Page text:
However, you may ask, what is the point of providing XXX under an encrypted form?

Well, the answer is, the dialog configuration (dialog_parameters) contains several important properties which are used to tell the File Manager how it should work, such as where to upload user files into, and which file extensions can be uploaded. For instance, back to the Image Manager dialog, here is its dialog configuration indicating which file extensions are allowed:

// Telerik.Web.UI.Editor.DialogControls.ImageManagerDialog
		protected override string[] DefaultSearchPatterns
		{
			get
			{
				return new string[]
				{
					"*.gif",
					"*.xbm",
					"*.xpm",
					"*.png",
					"*.ief",
					"*.jpg",
					"*.jpe",
					"*.jpeg",
					"*.tiff",
					"*.tif",
					"*.rgb",
					"*.g3f",
					"*.xwd",
					"*.pict",
					"*.ppm",
					"*.pgm",
					"*.pbm",
					"*.pnm",
					"*.bmp",
					"*.ras",
					"*.pcd",
					"*.cgm",
					"*.mil",
					"*.cal",
					"*.fif",
					"*.dsf",
					"*.cmx",
					"*.wi",
					"*.dwg",
					"*.dxf",
					"*.svf"
				};
			}
		}
// Telerik.Web.UI.Dialogs.UserControlFileBrowser
		protected RadFileExplorer FileBrowser
		{
			get
			{
				if (this._fileBrowser == null)
				{
					this._fileBrowser = (RadFileExplorer)base.FindControlRecursive("RadFileExplorer1");
					if (this._fileBrowser == null)
					{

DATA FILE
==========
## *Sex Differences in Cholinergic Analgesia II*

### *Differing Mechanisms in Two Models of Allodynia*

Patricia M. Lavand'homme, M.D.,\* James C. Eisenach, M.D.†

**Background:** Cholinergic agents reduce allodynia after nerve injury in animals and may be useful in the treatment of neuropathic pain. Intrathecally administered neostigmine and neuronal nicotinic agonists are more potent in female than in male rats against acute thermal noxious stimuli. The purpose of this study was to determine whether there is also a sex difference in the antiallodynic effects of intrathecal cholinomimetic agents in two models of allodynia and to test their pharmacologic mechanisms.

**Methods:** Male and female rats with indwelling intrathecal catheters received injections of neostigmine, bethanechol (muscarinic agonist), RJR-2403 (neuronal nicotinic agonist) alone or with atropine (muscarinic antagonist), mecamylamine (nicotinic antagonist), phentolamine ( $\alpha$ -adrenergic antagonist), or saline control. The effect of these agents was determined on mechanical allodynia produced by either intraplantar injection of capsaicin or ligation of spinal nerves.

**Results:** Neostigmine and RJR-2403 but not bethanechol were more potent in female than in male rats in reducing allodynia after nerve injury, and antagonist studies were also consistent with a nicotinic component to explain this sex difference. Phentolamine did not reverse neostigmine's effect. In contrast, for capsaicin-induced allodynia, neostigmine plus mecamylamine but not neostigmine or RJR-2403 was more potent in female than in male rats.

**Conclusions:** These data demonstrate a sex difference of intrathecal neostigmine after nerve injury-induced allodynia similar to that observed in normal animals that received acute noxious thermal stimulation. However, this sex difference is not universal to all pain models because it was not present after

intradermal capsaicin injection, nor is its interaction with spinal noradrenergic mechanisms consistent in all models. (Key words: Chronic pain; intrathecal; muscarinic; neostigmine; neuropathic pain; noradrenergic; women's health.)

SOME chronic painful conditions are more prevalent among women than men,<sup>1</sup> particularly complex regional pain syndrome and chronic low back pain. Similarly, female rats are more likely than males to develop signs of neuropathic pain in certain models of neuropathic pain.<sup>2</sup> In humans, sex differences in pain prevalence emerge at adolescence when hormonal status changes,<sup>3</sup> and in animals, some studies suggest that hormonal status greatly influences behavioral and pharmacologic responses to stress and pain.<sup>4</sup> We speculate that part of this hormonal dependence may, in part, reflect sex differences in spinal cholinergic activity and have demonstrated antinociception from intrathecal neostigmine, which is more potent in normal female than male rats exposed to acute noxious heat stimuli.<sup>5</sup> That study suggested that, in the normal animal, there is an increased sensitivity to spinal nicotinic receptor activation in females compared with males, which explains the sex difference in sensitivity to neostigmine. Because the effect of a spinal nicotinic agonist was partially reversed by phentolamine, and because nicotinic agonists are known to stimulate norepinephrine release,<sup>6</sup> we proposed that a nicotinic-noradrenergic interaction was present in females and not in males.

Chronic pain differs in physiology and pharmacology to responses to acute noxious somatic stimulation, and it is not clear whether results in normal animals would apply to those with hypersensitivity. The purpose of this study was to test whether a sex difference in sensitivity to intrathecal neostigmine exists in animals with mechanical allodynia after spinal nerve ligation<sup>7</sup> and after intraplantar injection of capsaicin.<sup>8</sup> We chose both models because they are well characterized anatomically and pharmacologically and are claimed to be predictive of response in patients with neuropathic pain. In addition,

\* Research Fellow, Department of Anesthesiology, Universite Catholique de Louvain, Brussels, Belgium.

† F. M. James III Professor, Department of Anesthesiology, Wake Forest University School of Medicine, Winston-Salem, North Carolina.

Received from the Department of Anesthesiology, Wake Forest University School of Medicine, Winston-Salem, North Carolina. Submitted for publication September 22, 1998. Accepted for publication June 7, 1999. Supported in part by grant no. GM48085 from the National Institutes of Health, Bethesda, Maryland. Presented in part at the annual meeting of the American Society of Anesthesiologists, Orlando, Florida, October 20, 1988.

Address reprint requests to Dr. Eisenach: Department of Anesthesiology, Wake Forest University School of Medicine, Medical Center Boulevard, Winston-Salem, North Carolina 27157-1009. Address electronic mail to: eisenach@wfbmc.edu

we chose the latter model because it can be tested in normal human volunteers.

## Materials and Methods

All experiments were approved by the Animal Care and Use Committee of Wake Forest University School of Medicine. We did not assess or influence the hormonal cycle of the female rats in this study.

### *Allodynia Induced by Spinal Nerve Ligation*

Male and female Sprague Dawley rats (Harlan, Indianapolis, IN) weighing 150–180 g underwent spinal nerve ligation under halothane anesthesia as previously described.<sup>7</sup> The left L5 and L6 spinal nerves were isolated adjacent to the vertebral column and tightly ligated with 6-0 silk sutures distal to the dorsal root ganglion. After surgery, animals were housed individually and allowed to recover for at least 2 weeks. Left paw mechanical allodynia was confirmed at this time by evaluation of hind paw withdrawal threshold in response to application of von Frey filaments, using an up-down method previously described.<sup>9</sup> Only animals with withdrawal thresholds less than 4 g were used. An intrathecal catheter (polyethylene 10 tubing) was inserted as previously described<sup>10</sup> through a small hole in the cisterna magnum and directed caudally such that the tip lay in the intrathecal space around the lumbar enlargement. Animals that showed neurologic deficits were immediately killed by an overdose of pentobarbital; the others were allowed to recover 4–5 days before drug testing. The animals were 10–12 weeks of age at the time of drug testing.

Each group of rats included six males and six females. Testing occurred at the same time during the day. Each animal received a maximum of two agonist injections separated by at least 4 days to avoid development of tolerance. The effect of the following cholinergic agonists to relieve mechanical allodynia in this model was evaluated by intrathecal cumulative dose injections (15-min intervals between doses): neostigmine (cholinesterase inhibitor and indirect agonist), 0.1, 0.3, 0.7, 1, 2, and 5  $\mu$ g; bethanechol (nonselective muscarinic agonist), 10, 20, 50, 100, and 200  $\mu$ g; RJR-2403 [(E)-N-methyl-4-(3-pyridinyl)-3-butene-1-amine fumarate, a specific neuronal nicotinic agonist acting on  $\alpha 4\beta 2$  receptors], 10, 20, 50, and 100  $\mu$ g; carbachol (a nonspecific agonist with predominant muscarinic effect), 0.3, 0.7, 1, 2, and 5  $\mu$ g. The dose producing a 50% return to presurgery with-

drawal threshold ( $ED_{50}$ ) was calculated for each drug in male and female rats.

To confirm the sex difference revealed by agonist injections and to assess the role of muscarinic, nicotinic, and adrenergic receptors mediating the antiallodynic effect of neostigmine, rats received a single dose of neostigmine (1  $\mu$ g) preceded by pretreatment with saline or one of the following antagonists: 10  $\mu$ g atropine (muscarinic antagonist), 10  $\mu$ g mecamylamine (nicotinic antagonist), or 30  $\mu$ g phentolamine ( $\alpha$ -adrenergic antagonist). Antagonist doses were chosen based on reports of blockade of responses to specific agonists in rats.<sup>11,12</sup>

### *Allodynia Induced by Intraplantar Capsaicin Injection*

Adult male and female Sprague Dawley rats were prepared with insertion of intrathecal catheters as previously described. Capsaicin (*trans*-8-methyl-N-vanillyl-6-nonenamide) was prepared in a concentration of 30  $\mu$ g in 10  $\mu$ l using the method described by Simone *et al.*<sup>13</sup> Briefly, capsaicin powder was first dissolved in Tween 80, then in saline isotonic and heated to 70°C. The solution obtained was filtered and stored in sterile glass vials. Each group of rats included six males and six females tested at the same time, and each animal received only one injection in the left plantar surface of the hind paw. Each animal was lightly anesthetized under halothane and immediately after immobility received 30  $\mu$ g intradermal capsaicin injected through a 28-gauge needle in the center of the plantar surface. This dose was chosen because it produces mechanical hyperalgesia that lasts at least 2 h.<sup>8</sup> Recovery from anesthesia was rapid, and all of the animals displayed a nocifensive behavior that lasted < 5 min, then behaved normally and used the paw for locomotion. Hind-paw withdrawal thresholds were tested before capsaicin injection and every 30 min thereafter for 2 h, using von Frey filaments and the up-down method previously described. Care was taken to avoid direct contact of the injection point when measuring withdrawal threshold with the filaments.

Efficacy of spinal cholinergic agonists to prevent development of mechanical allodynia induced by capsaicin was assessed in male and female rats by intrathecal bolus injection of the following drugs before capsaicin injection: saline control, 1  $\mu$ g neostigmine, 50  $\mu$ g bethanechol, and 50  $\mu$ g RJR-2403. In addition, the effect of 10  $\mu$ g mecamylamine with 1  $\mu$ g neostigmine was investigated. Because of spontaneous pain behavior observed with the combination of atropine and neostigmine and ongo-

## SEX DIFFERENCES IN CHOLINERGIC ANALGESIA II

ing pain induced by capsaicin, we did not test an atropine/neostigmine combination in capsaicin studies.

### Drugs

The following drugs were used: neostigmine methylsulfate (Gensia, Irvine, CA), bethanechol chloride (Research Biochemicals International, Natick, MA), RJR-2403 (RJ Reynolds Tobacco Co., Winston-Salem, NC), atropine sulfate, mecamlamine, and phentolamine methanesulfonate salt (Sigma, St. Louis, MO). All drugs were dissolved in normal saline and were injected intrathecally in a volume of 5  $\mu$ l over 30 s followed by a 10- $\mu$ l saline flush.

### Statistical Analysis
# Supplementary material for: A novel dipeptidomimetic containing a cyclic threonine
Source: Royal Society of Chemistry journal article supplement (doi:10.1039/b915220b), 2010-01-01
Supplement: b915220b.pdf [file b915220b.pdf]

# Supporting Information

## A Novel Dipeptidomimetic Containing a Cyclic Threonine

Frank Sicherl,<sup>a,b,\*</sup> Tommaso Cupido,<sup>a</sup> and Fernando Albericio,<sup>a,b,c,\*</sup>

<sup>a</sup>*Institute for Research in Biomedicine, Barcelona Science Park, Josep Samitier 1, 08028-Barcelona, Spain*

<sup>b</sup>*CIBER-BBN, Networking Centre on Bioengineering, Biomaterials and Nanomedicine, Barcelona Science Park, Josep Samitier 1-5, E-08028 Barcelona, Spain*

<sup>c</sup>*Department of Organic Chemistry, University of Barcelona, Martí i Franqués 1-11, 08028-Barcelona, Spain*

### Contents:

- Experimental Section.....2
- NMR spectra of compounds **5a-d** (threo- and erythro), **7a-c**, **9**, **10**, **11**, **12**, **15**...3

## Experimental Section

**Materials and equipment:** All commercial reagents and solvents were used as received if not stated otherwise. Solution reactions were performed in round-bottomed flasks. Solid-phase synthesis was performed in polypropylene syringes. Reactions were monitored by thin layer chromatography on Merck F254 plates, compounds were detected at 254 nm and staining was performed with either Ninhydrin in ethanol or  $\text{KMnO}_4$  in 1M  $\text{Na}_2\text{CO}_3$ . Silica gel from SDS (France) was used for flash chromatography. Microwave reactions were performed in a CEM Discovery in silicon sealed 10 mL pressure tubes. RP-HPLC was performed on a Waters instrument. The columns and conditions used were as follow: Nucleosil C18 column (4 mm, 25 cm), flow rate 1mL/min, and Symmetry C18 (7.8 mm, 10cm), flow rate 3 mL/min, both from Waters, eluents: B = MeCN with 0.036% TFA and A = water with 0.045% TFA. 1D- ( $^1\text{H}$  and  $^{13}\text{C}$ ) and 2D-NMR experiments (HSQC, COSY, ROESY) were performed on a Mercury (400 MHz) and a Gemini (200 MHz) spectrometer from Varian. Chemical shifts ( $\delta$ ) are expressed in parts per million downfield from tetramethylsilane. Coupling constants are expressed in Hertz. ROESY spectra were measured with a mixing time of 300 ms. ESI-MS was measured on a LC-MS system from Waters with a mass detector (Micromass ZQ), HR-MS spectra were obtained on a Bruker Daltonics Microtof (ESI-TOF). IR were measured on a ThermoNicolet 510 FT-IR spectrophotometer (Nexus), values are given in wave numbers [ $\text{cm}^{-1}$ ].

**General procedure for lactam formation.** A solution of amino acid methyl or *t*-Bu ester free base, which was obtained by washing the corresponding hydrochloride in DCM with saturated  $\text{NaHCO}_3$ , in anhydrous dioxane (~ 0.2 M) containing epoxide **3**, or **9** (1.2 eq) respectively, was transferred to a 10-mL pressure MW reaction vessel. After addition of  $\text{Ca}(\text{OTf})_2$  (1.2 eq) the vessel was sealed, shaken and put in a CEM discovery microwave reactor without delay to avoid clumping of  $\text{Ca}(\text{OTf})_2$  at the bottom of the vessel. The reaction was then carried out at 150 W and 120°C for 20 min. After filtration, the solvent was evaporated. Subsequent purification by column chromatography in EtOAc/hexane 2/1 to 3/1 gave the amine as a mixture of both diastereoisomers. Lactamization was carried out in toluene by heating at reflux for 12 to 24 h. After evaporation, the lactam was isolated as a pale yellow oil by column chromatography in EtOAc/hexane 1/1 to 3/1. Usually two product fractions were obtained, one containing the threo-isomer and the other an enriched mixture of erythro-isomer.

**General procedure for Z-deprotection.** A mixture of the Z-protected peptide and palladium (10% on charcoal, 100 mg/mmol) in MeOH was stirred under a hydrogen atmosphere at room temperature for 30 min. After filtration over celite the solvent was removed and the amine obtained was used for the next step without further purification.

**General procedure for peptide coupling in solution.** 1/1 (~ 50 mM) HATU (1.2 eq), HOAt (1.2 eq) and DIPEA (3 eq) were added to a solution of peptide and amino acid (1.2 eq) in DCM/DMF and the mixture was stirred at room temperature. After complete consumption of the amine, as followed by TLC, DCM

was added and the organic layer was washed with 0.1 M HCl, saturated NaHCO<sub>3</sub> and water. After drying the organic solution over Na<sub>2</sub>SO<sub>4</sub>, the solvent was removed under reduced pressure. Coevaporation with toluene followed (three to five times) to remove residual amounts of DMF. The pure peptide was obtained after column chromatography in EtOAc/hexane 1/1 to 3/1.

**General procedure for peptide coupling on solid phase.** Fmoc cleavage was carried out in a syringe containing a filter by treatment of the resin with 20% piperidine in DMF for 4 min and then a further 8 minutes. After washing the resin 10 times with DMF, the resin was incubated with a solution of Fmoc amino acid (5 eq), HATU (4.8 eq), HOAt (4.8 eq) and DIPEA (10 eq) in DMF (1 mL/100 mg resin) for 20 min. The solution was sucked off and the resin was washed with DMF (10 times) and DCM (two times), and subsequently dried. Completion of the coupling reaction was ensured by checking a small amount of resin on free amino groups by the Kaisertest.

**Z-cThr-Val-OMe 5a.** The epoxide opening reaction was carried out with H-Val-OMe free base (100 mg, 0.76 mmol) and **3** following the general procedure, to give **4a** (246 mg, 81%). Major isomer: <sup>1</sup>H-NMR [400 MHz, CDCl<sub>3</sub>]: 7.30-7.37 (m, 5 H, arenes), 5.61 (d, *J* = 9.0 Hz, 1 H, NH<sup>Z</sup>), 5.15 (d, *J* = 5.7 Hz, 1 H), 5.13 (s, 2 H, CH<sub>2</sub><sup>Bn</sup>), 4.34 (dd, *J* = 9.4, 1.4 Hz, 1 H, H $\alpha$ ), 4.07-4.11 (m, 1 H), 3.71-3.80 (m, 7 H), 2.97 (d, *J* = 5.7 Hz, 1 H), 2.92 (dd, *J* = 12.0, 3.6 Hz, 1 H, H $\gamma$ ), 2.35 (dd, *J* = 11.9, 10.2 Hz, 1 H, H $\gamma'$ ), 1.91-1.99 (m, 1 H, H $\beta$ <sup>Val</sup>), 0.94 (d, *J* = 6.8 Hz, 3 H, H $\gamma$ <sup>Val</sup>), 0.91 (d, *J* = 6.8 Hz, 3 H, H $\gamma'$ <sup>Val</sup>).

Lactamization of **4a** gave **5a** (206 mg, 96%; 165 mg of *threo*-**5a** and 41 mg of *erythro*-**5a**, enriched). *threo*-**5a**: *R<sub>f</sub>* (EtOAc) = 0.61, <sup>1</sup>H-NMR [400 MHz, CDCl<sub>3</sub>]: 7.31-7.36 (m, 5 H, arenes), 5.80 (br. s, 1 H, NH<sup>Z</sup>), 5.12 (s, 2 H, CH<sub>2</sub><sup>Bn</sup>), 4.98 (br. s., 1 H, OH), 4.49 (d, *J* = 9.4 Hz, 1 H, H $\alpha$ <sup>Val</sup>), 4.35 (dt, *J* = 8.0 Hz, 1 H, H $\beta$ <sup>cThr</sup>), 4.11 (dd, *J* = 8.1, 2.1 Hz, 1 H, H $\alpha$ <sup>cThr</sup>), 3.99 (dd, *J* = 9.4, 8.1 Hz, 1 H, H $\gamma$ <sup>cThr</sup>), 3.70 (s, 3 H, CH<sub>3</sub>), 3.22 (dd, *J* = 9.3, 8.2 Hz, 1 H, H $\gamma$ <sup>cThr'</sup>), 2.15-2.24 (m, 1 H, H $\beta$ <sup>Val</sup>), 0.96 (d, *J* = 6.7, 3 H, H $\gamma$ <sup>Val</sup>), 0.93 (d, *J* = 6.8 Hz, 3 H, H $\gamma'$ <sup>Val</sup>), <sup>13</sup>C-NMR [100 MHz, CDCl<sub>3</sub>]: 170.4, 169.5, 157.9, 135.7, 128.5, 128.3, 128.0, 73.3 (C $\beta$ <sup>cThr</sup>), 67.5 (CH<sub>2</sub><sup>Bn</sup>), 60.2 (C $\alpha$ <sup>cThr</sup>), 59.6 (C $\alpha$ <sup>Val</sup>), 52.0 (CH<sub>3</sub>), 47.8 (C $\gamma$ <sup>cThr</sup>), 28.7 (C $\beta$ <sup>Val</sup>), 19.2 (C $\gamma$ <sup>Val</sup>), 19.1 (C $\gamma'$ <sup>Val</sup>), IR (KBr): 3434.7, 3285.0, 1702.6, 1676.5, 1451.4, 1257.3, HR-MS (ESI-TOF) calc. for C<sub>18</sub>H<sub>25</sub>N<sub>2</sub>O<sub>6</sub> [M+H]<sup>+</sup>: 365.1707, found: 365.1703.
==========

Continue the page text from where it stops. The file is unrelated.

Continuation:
this._fileBrowser = new RadFileExplorer();
						this._fileBrowser.ID = "RadFileBrowser1";
					}
					this._fileBrowser.Configuration.SearchPatterns = this.DefaultSearchPatterns;
					this._fileBrowser.Language = base.Language;
					if (!string.IsNullOrEmpty(base.LocalizationPath))
					{
						this._fileBrowser.LocalizationPath = base.LocalizationPath;
					}
					this._fileBrowser.Skin = base.RuntimeSkin;
					this._fileBrowser.EnableEmbeddedSkins = this.EnableEmbeddedSkins;
					this._fileBrowser.EnableEmbeddedBaseStylesheet = this.EnableEmbeddedBaseStylesheet;
					this._fileBrowser.ItemCommand += this.fileBrowser_ItemCommand;
				}
				return this._fileBrowser;
			}
		}

And how file extensions are checked when a file being uploaded by users:

// Telerik.Web.UI.RadFileExplorer
		private void ProcessUploadedFiles()
		{
			string text = string.Empty;
			string text2 = this.AppendTrailingPathSeparator(this.CurrentFolder);
			UploadedFileCollection uploadedFileCollection = (!this.Configuration.EnableAsyncUpload) ? this._upload.UploadedFiles : this._asyncUpload.UploadedFiles;
			if (this.Upload != null)
			{
				foreach (object obj in this.Upload.InvalidFiles)
				{
					UploadedFile uploadedFile = (UploadedFile)obj;
					text += this.CheckFileValidity(uploadedFile, text2);
				}
			}